We found that Section 24 has expressly made provisions for just and reasonable punishment for serious violations. Section 30(3) appears to refer to minor administrative lapses. Such provisions are available in most of the Acts
Section 24 on Offences and Penalties states that persons violating rules made under Section 17 (Special Provisions at to Safety) shall be punishable with imprisonment for a term which may extend to five years, or with fine, or with both. This is consistent with other similar legislation.
Violators may attract the same punishment, if they obstruct any person authorized by the Central Government under sub-section (4) of Section 17 in the exercise of powers of inspection under that sub-section.
A damaging proposal
CAG proposed that in clause 30 of the Atomic Energy (Radiation Protection) Rules 2004 , the words “any person” should be replaced with “AERB” to bring in clarity. The intent of the rule is to offer flexibility to AERB. AERB must be able to send specialists or other authorized persons (not necessarily from AERB) for inspection to any institution. If this suggestion is accepted, AERB will not be able to send specialists from outside the agency for inspection. The programe will suffer incalculable damage.
AERB used this flexibility to authorize 125 officers from CSIR and DRDO institutions nation-wide, after formal training, to collect safety related data on x-ray units located in different parts of the country. This was a very successful programme. AERB has brought obvious remedial actions to over 30,000 x-ray installations in the country
CAG wanted AERB to frame rules for levying suitable fees for recovering the cost of the consenting process from licensees. It suggested that it can be done using an office memorandum issued on September 24, 2004 by the Ministry of Finance AERB is not empowered to make rules under the Atomic Energy Act but may issue a notification under Atomic Energy(Radiation Protection) Rules 2004 in the Official Gazette prescribing appropriate license fees. It is doubtful whether a subordinate authority can use this provision under the rules for collecting revenue as the original intent of the provision in the Atomic Energy Act itself appears to be different. For instance, the license fee for a multi -million project such as food irradiation plant is Rs 500/- The same amount is levied for a uranium mine as well.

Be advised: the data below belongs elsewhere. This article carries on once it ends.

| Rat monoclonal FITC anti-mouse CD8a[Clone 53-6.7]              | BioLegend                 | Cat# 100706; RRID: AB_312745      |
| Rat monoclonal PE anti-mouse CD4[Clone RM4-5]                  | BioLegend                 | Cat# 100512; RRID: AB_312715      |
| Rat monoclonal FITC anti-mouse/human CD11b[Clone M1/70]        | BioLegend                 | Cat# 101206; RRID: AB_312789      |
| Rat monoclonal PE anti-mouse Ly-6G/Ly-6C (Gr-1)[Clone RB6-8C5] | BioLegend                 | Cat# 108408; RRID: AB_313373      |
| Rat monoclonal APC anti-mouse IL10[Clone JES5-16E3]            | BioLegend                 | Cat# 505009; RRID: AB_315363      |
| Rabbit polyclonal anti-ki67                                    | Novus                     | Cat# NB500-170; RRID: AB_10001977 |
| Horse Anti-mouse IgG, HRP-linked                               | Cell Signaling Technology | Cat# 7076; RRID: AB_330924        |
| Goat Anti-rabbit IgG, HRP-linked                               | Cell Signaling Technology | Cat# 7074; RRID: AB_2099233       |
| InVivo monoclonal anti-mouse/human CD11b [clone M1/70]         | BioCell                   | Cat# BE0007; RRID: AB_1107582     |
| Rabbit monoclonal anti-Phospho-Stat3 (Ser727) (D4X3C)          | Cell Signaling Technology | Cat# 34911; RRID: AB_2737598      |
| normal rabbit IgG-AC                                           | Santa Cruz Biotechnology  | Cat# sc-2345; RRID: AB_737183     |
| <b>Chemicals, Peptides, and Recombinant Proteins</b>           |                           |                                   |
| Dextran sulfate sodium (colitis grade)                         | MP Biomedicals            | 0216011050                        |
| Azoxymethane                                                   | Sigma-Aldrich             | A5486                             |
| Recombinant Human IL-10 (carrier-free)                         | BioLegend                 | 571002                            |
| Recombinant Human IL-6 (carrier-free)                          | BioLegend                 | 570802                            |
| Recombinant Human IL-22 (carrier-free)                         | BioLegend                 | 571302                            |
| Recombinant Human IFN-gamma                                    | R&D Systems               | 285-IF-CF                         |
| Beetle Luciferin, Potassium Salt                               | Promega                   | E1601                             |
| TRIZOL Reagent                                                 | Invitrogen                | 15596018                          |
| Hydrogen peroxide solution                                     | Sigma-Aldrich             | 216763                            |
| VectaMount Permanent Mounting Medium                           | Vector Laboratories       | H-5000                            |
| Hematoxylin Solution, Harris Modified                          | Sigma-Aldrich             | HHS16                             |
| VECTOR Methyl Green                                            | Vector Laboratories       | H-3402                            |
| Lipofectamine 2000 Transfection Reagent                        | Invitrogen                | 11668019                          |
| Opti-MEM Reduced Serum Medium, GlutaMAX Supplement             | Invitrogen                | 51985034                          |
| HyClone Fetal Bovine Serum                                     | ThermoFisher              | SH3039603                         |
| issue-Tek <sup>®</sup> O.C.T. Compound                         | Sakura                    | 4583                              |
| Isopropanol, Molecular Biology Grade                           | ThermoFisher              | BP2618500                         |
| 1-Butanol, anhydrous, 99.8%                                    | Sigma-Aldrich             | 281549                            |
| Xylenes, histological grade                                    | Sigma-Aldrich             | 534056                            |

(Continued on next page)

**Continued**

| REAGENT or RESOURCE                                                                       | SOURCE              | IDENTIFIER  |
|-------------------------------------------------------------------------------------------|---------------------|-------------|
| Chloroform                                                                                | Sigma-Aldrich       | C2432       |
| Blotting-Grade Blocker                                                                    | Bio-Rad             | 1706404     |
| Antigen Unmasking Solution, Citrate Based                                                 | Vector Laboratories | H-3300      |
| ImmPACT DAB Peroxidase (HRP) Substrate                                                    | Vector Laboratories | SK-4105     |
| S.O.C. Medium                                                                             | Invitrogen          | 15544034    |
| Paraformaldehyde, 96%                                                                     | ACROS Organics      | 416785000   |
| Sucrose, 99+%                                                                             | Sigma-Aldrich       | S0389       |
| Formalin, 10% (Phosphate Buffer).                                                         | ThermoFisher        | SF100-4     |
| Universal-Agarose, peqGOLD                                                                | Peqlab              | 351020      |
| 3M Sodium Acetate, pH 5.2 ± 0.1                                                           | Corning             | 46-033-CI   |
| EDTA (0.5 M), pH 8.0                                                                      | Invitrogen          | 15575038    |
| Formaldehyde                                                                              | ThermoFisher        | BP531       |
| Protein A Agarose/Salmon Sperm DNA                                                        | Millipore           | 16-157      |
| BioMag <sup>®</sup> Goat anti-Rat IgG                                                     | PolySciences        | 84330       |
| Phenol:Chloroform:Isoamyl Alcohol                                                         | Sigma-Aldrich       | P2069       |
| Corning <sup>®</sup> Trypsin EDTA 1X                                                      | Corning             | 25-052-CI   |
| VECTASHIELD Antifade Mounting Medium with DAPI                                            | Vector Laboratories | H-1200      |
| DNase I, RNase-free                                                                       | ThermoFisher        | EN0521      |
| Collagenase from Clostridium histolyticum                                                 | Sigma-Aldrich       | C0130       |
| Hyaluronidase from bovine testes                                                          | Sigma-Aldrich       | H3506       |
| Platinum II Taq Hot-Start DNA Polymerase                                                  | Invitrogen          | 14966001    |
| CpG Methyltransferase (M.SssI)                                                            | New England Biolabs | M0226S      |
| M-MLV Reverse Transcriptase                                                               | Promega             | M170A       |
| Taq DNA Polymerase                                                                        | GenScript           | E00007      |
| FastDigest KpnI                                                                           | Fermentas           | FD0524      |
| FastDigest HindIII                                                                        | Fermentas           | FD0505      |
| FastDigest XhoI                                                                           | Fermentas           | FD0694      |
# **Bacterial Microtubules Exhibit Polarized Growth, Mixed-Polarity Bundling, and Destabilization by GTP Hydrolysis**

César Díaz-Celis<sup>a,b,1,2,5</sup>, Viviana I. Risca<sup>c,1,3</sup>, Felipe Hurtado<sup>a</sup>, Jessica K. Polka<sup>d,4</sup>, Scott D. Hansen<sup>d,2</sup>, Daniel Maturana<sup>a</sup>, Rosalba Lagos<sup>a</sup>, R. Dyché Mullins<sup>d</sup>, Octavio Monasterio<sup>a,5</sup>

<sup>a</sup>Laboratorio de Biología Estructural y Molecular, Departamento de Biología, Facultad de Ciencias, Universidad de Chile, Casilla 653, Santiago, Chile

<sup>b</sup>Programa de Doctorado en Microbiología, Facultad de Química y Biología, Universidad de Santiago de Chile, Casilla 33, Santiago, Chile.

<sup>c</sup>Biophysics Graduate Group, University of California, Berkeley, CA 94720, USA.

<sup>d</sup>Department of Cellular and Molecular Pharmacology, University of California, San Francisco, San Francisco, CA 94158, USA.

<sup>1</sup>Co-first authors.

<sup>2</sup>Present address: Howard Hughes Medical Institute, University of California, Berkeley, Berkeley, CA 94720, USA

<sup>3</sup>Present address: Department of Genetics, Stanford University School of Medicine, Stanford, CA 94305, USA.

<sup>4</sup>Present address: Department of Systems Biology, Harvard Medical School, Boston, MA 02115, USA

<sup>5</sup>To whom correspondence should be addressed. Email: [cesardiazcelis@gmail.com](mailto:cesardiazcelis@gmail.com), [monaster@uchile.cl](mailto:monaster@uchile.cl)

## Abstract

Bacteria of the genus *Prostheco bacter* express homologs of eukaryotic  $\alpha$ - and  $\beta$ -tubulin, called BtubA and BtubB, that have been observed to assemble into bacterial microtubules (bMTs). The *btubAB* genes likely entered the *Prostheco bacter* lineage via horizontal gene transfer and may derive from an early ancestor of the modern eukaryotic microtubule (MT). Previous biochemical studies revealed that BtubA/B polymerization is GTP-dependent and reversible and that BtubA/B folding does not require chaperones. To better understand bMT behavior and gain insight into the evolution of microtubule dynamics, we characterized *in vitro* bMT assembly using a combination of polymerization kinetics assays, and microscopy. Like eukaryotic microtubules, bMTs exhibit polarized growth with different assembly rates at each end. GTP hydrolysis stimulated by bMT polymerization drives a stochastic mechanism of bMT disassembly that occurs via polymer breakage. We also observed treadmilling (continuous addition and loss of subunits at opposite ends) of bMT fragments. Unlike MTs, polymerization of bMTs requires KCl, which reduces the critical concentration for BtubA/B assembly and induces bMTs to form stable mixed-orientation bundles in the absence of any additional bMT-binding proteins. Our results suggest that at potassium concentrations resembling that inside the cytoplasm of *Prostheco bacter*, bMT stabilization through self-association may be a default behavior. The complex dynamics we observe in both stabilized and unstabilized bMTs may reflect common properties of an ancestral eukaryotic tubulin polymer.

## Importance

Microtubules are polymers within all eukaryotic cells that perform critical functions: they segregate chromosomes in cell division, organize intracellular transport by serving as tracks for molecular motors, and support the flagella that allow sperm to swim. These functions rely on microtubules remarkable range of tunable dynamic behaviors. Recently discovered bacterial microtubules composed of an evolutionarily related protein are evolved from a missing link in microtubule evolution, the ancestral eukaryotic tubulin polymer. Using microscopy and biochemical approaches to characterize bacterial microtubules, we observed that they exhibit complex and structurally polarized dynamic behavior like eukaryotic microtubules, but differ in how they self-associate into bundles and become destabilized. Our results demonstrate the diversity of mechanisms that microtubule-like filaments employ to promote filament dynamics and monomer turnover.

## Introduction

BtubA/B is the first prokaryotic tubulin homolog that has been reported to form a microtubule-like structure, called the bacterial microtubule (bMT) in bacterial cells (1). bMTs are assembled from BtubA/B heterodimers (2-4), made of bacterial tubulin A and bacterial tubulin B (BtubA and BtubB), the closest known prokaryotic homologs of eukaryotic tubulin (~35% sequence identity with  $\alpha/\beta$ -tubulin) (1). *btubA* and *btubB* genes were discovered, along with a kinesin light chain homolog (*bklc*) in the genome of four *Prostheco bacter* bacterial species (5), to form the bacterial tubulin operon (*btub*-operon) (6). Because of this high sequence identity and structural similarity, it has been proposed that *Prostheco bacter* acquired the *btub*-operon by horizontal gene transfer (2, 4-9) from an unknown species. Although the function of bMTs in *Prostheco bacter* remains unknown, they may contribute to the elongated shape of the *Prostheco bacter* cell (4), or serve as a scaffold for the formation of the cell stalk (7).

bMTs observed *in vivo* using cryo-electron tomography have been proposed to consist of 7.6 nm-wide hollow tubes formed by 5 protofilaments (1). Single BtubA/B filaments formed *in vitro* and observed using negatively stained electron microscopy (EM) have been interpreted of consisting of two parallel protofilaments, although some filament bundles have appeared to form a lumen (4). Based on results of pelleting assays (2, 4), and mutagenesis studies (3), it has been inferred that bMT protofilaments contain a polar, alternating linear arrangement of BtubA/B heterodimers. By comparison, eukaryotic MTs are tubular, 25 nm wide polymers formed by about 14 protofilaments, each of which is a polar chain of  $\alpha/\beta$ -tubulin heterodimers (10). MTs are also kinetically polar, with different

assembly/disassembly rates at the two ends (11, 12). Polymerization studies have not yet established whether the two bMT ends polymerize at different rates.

CAG proposal contrary to international practice
Though CAG wanted Government to follow international bench marks, the report suggested a different practice that Health Physics Units (HPU), Environmental Survey Laboratories should be under the direct control of AERB. This is partly contrary to the existing legal requirement.